This is the third type of bottlenose dolphin and was only identified in 2011. Until this point in time, it was thought that all Burrunan dolphins were either common bottlenose dolphins or indo-pacific bottlenose dolphins. Scientists used examinations of their skulls, DNA evidence and a direct comparison of their external characteristics to confirm that there are actually enough differences for them to be classed as their own species.
The Burrunan dolphin is a dark blue-grey on top, with a lighter band of grey extending down its sides. Its belly is nearly white in comparison and this color sometimes extends as far as the eye in some individual dolphins. Burrunan dolphins can measure anywhere from 7 to 9 feet in length, making them larger than the common bottlenose dolphin but smaller than the indo-pacific bottlenose dolphin.
There is relatively little which is known about the Burrunan dolphin since it has only been officially recognized as a species for a very short amount of time. It has not had its own classification for long enough for any real research to be carried out, but it is believed that it shares much in common with the other two species of bottlenose dolphin.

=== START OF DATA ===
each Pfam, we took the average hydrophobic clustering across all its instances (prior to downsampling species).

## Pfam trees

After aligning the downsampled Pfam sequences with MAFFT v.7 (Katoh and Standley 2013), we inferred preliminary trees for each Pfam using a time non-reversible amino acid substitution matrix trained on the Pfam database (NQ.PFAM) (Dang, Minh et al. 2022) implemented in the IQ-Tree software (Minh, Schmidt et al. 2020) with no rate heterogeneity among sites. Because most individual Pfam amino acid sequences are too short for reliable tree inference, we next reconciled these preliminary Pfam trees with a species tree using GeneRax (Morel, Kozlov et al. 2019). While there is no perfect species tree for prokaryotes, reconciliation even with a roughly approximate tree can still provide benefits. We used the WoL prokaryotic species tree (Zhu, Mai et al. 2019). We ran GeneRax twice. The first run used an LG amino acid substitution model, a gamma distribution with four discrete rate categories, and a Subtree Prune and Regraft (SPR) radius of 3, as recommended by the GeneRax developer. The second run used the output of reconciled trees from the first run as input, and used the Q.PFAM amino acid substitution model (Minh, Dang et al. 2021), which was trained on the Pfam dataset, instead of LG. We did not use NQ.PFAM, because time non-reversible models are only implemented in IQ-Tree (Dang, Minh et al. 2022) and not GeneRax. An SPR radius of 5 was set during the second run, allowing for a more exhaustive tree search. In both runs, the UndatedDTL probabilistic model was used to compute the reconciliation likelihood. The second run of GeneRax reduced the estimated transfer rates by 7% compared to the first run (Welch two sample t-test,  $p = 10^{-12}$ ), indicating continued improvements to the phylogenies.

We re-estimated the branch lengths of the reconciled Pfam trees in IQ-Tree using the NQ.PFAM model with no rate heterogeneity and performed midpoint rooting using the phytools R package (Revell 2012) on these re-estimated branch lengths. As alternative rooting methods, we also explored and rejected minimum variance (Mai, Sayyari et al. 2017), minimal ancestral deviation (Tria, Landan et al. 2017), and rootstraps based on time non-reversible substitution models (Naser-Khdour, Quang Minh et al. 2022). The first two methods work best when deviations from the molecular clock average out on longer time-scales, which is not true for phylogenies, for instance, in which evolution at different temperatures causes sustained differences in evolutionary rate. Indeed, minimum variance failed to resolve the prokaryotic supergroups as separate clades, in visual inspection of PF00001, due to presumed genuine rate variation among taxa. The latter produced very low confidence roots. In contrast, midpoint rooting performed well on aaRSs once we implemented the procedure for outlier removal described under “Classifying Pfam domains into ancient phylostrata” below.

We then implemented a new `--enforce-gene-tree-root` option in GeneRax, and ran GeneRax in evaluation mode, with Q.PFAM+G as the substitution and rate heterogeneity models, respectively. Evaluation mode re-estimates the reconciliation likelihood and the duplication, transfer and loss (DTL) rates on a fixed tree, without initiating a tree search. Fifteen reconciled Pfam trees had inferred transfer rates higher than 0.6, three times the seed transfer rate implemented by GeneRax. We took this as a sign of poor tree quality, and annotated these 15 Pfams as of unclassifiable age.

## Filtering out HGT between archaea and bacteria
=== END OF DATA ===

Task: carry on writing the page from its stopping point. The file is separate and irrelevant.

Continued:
Scientists believe that they have similar gestation periods, life expectancies and social patterns. Just like the other two species of bottlenose dolphins, Burrunan dolphins are regularly seen riding bow waves and performing impressive aerial displays to those on board boats.
The Burrunan dolphin gets its name from a word in the Bonwurrung, Woiwurrung and Taungurung aboriginal languages. It means simply ‘large sea fish of the porpoise kind’. Obviously, this is factually incorrect as the Burrunan dolphin, just like all dolphins, is a mammal and not a fish.
The low level of research conducted so far into the behavior and characteristics of the Burrunan dolphin means that only two resident populations have actually been formally identified. These have both been spotted off the coast of Australia, with one residing around Port Phillip and the other near Gippsland Lakes. The total number of Burrunan dolphins ever recorded is just 150, making it one of the rarest species of dolphin on the planet today. The incredibly low number of dolphins which have been identified as Burrunans means that they species immediately qualified for protection under the Environment Protection and Biodiversity Conservation Act.